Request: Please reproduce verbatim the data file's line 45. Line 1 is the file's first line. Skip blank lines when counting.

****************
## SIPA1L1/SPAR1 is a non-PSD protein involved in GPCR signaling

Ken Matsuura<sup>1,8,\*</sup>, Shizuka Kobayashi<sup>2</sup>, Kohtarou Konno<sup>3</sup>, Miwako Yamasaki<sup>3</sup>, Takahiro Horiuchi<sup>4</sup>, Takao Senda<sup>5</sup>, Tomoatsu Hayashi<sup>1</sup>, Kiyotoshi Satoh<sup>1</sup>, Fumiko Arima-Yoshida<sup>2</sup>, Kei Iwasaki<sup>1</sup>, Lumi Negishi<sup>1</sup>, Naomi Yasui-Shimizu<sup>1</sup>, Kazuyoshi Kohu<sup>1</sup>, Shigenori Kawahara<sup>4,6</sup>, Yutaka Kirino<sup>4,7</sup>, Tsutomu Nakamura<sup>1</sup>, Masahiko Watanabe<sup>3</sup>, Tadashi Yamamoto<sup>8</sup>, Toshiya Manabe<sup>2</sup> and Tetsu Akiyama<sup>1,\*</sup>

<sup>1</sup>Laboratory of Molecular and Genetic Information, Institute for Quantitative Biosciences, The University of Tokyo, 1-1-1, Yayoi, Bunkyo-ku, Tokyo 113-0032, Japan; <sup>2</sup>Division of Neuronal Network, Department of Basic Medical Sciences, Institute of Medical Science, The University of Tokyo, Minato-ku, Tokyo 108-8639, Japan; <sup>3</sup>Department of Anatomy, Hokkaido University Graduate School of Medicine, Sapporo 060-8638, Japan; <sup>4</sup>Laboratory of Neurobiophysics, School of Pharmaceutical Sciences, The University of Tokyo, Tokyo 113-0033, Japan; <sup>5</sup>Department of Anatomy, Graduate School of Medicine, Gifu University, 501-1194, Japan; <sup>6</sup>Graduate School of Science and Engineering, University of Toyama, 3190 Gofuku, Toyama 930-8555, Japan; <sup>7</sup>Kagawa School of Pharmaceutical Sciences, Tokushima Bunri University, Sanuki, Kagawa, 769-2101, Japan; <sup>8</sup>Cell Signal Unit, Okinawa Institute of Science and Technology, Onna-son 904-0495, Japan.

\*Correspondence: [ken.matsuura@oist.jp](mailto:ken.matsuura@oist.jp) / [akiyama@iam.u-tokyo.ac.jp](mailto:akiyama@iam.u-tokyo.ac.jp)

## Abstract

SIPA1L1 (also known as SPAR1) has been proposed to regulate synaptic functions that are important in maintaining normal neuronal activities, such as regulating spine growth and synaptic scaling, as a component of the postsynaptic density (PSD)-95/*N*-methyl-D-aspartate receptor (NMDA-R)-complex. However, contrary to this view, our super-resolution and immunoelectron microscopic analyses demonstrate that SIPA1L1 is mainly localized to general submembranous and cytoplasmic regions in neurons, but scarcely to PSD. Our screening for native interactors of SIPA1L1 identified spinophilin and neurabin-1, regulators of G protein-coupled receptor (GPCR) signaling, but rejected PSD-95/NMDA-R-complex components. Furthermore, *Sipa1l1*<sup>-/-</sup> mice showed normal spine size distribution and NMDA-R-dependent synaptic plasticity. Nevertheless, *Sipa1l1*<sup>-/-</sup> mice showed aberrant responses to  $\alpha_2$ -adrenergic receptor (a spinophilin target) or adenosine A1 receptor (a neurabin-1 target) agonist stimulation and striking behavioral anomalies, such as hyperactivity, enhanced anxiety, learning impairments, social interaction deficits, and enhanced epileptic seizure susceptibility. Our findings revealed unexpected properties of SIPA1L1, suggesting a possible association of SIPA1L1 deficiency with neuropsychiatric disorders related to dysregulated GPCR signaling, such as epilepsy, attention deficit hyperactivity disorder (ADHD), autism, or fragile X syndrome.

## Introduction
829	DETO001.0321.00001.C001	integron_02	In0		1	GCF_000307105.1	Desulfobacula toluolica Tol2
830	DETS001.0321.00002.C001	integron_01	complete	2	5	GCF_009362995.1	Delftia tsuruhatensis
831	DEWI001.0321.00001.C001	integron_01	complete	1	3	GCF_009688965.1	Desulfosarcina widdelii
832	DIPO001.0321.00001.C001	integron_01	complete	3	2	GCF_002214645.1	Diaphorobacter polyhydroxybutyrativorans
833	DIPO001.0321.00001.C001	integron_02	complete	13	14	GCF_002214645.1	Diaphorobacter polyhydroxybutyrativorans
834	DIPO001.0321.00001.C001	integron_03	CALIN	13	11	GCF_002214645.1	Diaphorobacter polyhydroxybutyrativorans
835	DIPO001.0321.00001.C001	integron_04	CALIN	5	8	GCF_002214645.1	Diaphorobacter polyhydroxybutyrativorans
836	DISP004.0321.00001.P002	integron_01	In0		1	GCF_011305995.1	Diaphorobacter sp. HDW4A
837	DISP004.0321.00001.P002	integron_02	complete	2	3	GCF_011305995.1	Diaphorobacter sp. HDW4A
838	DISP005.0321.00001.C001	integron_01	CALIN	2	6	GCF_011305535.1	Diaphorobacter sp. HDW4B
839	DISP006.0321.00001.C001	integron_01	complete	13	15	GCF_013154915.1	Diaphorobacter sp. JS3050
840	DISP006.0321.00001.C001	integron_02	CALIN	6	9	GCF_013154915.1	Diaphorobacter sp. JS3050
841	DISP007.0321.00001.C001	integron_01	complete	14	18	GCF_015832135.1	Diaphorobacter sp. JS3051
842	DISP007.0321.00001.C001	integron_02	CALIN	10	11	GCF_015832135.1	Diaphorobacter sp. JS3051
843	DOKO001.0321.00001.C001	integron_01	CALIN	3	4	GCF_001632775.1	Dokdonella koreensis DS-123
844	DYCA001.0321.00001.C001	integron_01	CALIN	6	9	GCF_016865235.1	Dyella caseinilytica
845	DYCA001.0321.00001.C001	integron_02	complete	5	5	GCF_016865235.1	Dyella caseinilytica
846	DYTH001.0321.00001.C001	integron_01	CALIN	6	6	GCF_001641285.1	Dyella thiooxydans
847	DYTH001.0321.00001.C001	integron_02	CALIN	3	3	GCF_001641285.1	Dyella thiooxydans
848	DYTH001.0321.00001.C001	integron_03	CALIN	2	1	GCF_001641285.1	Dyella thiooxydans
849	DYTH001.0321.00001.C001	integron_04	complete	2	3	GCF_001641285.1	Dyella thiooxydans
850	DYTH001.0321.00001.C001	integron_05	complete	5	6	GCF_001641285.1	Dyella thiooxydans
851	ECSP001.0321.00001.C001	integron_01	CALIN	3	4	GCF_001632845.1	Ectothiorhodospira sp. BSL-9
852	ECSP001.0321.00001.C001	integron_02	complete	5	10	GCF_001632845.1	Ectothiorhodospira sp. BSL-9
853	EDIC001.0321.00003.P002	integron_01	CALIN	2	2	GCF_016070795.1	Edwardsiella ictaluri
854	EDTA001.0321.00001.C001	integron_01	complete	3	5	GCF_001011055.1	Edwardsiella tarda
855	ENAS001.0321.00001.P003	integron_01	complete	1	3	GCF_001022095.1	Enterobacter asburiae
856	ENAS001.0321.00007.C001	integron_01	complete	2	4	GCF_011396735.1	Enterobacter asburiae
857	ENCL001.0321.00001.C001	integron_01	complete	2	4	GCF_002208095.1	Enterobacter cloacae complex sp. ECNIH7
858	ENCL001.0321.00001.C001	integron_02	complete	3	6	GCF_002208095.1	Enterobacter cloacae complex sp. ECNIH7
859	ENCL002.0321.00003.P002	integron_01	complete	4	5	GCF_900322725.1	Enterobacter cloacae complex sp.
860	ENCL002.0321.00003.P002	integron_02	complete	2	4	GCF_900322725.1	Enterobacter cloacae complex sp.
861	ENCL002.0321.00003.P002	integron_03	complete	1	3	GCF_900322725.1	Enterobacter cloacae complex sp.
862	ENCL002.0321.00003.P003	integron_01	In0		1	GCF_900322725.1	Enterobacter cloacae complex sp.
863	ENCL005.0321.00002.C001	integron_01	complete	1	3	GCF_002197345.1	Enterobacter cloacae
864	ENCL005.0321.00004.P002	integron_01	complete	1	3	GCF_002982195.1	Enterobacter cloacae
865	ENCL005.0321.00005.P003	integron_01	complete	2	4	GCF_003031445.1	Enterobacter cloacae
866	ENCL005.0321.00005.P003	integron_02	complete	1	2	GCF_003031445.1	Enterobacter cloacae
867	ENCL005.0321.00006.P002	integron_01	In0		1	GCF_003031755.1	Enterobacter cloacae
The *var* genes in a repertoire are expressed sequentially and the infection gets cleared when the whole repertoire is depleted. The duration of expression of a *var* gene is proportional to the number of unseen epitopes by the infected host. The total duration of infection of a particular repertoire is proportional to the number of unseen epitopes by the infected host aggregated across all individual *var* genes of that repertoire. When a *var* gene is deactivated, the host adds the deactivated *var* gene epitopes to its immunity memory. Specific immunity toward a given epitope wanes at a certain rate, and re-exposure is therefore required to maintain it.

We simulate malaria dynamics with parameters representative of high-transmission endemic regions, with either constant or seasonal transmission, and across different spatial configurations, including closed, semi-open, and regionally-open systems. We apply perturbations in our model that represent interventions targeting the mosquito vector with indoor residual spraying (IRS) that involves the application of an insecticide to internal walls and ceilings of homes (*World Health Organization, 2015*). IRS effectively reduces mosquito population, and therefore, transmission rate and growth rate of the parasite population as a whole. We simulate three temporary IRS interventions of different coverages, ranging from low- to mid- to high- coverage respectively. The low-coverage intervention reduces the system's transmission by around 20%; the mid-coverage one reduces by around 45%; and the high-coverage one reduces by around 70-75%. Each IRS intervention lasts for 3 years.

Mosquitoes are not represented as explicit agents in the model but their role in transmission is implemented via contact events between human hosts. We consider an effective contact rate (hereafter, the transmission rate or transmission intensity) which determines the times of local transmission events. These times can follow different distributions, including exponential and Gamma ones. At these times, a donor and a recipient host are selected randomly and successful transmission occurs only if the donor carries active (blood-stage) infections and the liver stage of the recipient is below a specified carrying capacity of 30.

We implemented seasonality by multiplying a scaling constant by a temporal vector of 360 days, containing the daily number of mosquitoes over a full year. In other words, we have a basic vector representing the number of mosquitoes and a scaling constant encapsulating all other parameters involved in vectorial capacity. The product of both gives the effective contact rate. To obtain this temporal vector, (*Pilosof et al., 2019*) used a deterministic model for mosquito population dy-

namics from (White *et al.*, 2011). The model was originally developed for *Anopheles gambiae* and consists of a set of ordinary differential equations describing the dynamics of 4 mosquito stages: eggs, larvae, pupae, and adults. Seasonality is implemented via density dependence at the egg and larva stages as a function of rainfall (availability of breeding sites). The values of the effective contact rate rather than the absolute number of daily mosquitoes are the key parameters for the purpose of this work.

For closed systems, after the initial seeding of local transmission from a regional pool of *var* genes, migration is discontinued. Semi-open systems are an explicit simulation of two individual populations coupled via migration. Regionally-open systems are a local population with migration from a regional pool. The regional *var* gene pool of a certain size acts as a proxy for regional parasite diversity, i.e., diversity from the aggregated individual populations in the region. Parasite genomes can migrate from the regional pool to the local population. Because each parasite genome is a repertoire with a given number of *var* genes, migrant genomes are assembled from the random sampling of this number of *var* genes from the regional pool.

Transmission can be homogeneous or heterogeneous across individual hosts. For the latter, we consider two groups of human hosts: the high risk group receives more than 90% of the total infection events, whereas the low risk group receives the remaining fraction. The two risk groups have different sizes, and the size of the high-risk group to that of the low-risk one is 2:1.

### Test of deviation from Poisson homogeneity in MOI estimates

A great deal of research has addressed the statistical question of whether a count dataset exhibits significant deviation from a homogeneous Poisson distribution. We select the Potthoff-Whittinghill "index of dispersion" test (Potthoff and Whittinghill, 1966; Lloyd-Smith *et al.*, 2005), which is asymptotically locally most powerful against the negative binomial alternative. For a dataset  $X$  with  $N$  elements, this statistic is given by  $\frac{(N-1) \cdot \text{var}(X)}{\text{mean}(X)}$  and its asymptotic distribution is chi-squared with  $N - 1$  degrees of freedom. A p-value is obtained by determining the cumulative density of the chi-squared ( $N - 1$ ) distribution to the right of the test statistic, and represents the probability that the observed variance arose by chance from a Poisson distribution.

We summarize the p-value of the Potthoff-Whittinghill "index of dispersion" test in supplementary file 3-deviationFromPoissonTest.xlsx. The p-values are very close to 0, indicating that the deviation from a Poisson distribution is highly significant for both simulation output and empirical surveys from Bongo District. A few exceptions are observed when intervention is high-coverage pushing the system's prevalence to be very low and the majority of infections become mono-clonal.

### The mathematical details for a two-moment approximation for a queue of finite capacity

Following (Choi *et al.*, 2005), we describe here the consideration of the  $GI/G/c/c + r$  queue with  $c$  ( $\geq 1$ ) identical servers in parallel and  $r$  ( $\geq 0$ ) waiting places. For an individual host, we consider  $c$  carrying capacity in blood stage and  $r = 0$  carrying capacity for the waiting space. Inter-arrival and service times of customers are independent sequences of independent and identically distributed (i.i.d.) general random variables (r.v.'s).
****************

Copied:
866	ENCL005.0321.00005.P003	integron_02	complete	1	2	GCF_003031445.1	Enterobacter cloacae